Tempo, Time Signature and Note Values
“Duration” – the “length” of each note – is the second basic property of all notes. (The first was “pitch”.)
If you tap your foot at a consistent rate of, say, 60 taps per minute (once every second), that would be called a tempo of 60 bpm (beats per minute). Each of these beats is represented in written notation as a quarter note.
Traditional written music is divided into what are called “measures” (or “bars”). Each measure is a short chunk of the composition containing a set number of beats. The simplest and most common measure contains 4 beats.
When a note is held for the entire measure is called a whole note. When it is held for half a measure is called a half note. And when it is held for a quarter of a measure – one standard “beat” – is called a quarter note*.
This graphic shows how each of these notes is indicated on the staff:
The quarter note is one beat* long, is usually the most common note in a composition, and is the basis for other note durations. A quarter note can be divided into two eighth notes or four sixteenth notes.
These can be further divided into even shorter note durations: 32nds and 64ths. But for beginning guitar players the 16th is usually the shortest note encountered in simple songs.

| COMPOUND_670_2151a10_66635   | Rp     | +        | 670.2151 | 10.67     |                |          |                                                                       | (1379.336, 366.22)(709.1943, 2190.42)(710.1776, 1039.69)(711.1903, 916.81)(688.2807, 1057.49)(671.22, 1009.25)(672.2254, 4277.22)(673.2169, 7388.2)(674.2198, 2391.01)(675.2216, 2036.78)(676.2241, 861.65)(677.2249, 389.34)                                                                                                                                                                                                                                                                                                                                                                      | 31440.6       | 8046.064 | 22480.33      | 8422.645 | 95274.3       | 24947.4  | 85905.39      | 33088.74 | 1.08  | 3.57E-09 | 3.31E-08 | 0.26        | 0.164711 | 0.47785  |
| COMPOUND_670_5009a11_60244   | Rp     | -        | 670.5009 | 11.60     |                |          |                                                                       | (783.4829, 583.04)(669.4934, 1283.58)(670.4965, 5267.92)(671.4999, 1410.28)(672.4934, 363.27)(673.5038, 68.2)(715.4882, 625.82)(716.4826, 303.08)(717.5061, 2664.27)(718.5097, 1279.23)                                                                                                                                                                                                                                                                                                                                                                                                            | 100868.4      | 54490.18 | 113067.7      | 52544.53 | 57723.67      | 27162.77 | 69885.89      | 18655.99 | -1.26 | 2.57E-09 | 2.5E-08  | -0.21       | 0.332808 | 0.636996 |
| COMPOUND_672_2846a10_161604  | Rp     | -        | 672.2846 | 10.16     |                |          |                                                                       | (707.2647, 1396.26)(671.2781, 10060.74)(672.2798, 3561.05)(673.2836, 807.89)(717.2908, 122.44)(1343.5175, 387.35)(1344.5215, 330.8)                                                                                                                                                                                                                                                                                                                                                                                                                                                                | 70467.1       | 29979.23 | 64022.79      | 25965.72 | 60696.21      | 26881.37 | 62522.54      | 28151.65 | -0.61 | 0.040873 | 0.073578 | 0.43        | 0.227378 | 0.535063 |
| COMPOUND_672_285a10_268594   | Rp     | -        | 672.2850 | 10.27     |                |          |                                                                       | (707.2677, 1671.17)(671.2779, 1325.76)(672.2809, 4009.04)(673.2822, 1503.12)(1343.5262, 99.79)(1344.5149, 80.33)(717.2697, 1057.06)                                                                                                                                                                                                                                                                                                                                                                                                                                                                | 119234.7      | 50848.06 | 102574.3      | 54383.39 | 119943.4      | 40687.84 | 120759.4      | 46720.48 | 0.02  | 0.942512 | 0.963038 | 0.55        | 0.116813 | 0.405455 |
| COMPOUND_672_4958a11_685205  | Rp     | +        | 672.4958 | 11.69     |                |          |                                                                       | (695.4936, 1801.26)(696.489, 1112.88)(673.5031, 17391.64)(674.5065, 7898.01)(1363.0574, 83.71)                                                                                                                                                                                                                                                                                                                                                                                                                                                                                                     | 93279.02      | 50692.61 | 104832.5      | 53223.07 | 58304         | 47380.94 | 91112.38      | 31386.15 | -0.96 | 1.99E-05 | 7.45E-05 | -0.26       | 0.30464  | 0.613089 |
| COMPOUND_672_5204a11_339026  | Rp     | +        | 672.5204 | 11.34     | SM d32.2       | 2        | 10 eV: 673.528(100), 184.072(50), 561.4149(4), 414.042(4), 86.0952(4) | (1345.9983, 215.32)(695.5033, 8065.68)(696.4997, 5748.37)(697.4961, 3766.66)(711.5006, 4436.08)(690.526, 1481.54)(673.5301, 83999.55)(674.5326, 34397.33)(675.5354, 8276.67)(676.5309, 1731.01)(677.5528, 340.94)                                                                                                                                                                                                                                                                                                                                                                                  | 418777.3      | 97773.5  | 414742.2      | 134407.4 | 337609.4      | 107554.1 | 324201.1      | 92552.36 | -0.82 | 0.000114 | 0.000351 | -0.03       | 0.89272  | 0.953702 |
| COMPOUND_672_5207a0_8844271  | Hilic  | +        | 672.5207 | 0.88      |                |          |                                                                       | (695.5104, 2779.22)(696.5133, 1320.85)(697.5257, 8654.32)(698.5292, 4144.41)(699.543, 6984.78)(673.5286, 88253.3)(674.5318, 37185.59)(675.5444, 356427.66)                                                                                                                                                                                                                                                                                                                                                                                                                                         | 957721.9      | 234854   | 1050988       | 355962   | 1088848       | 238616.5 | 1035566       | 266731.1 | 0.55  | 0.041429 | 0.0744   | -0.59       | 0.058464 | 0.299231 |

Many musical compositions are written in what is called 4/4 time – where each measure contains 4 quarter notes. The 4/4 you see at the beginning of each staff is called a “time signature”.
While 4/4 time this is the most common (and, in fact, is called “common time”), it is not the only one found in music. For instance, a “waltz” is written is 3/4 time (3 quarter notes per measure).
Rests – where you don’t play anything
The other important element of written music is the rest. A rest indicates when you don’t play a note. It is “dead air space”.
Each note value (whole, half, quarter, eighth, sixteenth) has a comparable rest. They are signified on the staff as in the following graphic:
Here is a graphic showing most of the elements you are likely to encounter as you learn to read traditional music notation:
*It is technically not correct to say a quarter note is always one beat in duration. As Widipedia says, “Often, musicians will say that a crotchet [quarter note] is one beat, but this is not always correct, as the beat is indicated by the time signature of the music; a quarter note may or may not be the beat.” For practical purposes the beginner can ignore this technicality.